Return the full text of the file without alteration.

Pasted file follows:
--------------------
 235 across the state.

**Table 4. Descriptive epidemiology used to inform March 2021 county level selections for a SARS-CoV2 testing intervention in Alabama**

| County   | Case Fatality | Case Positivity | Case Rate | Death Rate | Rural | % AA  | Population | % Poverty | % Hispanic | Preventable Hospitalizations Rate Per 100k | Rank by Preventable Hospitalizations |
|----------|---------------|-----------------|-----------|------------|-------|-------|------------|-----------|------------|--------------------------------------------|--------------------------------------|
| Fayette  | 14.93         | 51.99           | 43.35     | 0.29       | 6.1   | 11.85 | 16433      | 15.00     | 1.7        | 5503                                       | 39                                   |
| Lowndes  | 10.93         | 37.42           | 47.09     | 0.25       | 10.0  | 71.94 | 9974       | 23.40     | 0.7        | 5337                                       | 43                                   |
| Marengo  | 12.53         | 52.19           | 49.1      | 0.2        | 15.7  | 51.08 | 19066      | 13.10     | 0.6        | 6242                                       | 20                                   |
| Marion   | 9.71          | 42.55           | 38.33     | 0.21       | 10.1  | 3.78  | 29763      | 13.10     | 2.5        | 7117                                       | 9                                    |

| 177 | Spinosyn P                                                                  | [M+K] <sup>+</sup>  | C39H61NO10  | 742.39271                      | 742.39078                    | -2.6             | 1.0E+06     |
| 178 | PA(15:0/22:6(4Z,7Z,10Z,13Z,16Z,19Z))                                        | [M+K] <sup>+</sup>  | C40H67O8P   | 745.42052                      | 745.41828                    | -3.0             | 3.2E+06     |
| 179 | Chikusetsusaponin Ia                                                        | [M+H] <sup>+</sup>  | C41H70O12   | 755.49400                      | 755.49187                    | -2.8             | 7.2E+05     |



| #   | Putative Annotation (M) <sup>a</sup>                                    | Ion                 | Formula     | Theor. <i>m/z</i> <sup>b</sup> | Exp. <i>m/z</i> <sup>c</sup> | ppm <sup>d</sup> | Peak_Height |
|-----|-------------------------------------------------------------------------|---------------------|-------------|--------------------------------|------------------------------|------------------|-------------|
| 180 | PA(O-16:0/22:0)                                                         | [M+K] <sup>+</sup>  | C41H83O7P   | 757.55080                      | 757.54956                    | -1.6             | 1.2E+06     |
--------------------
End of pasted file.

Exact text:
 235 across the state.

**Table 4. Descriptive epidemiology used to inform March 2021 county level selections for a SARS-CoV2 testing intervention in Alabama**

| County   | Case Fatality | Case Positivity | Case Rate | Death Rate | Rural | % AA  | Population | % Poverty | % Hispanic | Preventable Hospitalizations Rate Per 100k | Rank by Preventable Hospitalizations |
|----------|---------------|-----------------|-----------|------------|-------|-------|------------|-----------|------------|--------------------------------------------|--------------------------------------|
| Fayette  | 14.93         | 51.99           | 43.35     | 0.29       | 6.1   | 11.85 | 16433      | 15.00     | 1.7        | 5503                                       | 39                                   |
| Lowndes  | 10.93         | 37.42           | 47.09     | 0.25       | 10.0  | 71.94 | 9974       | 23.40     | 0.7        | 5337                                       | 43                                   |
| Marengo  | 12.53         | 52.19           | 49.1      | 0.2        | 15.7  | 51.08 | 19066      | 13.10     | 0.6        | 6242                                       | 20                                   |
| Marion   | 9.71          | 42.55           | 38.33     | 0.21       | 10.1  | 3.78  | 29763      | 13.10     | 2.5        | 7117                                       | 9                                    |

| 177 | Spinosyn P                                                                  | [M+K] <sup>+</sup>  | C39H61NO10  | 742.39271                      | 742.39078                    | -2.6             | 1.0E+06     |
| 178 | PA(15:0/22:6(4Z,7Z,10Z,13Z,16Z,19Z))                                        | [M+K] <sup>+</sup>  | C40H67O8P   | 745.42052                      | 745.41828                    | -3.0             | 3.2E+06     |
| 179 | Chikusetsusaponin Ia                                                        | [M+H] <sup>+</sup>  | C41H70O12   | 755.49400                      | 755.49187                    | -2.8             | 7.2E+05     |



| #   | Putative Annotation (M) <sup>a</sup>                                    | Ion                 | Formula     | Theor. <i>m/z</i> <sup>b</sup> | Exp. <i>m/z</i> <sup>c</sup> | ppm <sup>d</sup> | Peak_Height |
|-----|-------------------------------------------------------------------------|---------------------|-------------|--------------------------------|------------------------------|------------------|-------------|
| 180 | PA(O-16:0/22:0)                                                         | [M+K] <sup>+</sup>  | C41H83O7P   | 757.55080                      | 757.54956                    | -1.6             | 1.2E+06     |